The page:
In the southern Rocky Mountains, near present-day Colorado, these ancestral rocks were disturbed by mountain building 300 Ma, during the Pennsylvanian. This mountain-building produced the Ancestral Rocky Mountains, they consisted of Precambrian metamorphic rock forced upward through layers of the limestone laid down in the shallow sea. The mountains eroded throughout the late Paleozoic and early Mesozoic, leaving extensive deposits of sedimentary rock. Terranes began colliding with the western edge of North America in the Mississippian, causing the Antler orogeny. For 270 million years, the focus of the effects of plate collisions were near the edge of the North American plate boundary, far to the west of the Rocky Mountain region, it was. The current Rocky Mountains arose in the Laramide orogeny from between 55 Ma. For the Canadi
Sandstone is a clastic sedimentary rock composed of sand-sized mineral particles or rock fragments. Most sandstone is composed of quartz or feldspar because they are the most resistant minerals to weathering processes at the Earth's surface, as seen in Bowen's reaction series. Like uncemented sand, sandstone may be any color due to impurities within the minerals, but the most common colors are tan, yellow, grey, pink and black. Since sandstone beds form visible cliffs and other topographic features, certain colors of sandstone have been identified with certain regions. Rock formations that are composed of sandstone allow the percolation of water and other fluids and are porous enough to store large quantities, making them valuable aquifers and petroleum reservoirs. Fine-grained aquifers, such as sandstones, are better able to filter out pollutants from the surface than are rocks with cracks and crevices, such as limestone or other rocks fractured by seismic activity. Quartz-bearing sandstone can be changed into quartzite through metamorphism related to tectonic compression within orogenic belts.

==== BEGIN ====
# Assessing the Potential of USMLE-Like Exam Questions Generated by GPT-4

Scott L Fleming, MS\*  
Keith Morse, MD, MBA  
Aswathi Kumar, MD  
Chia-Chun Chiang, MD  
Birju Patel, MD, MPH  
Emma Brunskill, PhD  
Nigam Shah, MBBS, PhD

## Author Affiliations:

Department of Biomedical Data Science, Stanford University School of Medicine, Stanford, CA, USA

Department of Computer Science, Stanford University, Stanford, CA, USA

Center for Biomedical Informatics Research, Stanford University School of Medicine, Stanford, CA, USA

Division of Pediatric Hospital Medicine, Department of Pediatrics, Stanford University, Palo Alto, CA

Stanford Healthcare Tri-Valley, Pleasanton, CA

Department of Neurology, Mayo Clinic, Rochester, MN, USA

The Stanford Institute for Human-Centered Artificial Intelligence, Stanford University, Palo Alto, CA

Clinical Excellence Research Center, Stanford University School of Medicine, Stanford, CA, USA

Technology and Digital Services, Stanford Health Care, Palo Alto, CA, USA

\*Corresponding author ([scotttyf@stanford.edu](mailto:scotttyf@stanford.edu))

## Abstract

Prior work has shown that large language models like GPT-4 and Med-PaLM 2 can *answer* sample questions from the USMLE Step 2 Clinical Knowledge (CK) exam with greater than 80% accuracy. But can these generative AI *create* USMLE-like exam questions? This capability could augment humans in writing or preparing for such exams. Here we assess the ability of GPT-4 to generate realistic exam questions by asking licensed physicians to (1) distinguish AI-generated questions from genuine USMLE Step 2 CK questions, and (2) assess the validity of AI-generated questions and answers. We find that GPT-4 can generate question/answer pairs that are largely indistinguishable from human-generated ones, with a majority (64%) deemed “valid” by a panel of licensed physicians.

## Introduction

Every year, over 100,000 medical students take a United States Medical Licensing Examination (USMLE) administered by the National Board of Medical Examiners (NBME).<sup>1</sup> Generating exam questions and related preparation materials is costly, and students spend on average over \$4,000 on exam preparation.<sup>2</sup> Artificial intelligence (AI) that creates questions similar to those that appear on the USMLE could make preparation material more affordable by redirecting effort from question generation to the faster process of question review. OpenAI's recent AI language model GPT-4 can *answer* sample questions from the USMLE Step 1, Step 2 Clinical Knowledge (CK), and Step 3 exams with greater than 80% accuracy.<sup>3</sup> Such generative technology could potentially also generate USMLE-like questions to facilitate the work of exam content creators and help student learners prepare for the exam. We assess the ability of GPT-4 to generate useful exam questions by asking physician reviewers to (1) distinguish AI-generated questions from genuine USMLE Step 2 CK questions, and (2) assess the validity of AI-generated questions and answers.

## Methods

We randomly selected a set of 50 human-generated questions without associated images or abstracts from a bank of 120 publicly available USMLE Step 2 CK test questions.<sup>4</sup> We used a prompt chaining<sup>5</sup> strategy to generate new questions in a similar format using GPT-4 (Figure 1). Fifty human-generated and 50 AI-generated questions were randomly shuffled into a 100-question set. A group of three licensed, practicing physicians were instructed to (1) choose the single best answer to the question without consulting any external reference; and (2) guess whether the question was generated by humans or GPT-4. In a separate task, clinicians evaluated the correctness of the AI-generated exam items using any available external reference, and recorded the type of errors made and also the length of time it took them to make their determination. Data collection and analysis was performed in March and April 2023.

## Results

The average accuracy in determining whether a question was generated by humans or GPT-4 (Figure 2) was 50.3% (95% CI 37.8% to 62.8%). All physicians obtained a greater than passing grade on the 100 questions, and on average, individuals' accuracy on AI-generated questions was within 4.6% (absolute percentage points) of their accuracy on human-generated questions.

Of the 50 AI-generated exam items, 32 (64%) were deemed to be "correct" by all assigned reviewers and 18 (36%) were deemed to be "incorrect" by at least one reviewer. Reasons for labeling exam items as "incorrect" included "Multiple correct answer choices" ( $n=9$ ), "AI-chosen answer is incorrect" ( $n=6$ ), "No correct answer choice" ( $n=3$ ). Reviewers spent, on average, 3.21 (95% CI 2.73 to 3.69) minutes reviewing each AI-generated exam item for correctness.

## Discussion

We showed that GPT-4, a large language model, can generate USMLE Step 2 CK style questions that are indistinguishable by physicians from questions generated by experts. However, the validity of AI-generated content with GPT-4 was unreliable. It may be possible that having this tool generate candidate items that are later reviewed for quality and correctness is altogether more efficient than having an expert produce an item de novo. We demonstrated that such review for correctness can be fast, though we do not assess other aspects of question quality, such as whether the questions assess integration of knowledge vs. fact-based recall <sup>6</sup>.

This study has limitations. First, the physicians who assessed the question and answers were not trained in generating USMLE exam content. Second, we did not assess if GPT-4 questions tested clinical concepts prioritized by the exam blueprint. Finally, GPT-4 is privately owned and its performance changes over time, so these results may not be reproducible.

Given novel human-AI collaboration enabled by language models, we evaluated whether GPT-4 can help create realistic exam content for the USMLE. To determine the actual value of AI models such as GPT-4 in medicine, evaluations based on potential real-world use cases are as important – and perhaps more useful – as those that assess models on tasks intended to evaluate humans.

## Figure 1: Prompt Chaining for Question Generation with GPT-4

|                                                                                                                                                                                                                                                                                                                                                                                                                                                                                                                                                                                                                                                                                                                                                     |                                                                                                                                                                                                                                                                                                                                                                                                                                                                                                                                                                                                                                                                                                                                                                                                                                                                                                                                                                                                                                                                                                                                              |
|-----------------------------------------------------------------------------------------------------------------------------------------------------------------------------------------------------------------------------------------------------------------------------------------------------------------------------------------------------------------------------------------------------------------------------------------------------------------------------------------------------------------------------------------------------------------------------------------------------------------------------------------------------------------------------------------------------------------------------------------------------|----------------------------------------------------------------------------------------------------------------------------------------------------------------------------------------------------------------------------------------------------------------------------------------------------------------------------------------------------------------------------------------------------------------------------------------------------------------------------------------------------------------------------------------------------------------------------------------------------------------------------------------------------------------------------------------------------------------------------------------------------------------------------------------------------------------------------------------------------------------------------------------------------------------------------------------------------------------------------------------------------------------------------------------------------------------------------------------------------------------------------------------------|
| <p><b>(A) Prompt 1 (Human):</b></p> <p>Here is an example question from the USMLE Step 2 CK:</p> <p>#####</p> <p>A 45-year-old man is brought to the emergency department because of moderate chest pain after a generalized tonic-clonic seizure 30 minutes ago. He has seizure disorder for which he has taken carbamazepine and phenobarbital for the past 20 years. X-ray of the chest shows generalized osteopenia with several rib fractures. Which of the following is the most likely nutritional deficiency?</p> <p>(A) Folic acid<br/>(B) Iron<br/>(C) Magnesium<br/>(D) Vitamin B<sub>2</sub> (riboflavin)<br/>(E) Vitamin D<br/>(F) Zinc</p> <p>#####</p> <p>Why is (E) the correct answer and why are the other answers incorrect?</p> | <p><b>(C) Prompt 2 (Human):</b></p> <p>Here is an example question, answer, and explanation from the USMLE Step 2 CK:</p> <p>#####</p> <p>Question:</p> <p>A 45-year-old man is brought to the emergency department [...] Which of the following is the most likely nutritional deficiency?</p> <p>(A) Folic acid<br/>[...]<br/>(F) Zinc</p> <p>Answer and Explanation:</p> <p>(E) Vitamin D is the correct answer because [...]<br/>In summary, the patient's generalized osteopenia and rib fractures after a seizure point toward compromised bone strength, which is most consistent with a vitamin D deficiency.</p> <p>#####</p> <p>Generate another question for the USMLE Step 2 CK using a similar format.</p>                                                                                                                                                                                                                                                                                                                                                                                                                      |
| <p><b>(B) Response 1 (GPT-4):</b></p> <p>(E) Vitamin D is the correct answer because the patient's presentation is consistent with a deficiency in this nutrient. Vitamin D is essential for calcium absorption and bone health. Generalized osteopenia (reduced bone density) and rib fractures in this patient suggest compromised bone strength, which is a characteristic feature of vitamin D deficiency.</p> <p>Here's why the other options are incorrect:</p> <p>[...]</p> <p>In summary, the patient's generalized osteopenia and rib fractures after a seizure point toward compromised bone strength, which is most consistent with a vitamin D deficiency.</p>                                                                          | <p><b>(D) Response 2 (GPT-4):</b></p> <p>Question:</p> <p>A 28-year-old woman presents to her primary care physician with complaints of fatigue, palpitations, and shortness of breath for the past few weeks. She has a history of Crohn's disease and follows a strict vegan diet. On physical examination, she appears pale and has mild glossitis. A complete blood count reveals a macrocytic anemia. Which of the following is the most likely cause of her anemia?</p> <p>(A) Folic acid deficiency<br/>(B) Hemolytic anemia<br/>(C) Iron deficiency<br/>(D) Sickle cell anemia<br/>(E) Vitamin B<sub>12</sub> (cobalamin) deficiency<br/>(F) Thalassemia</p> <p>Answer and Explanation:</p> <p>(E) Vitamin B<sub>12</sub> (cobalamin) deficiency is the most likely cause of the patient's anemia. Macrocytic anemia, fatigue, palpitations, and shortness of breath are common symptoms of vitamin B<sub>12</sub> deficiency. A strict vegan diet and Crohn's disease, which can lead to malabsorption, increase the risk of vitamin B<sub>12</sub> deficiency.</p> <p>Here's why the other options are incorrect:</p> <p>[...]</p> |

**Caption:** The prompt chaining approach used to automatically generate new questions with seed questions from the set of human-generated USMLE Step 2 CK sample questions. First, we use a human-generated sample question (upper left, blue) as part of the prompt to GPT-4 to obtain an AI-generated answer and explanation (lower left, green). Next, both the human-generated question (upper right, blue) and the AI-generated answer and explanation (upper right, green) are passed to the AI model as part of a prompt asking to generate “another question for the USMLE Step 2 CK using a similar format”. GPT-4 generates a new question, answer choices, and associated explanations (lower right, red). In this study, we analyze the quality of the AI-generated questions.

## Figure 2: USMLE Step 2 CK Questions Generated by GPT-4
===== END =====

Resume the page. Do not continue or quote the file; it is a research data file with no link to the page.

Sandstones are clastic in origin. They are formed from cemented grains that may either be fragments of a pre-existing rock or be mono-minerallic crystals; the cements binding these grains together are calcite and silica. Grain sizes in sands are defined within the range of 0.0625 mm to 2 mm. Clays and sediments with smaller grain sizes not visible with the naked eye, including siltstones and shales, are called argillaceous sediments; the formation of sandstone involves two principal stages. First, a layer or layers of sand accumulates as the result of sedimentation, either from water or from air. Sedimentation occurs by the sand settling out from suspension. Once it has accumulated, the sand becomes sandstone when it is compacted by the pressure of overlying deposits and cemented by the precipitation of minerals within the pore spaces between sand grains; the most common cementing materials are silica and calcium carbonate, which are derived either from dissolution or from alteration of the sand after it was buried.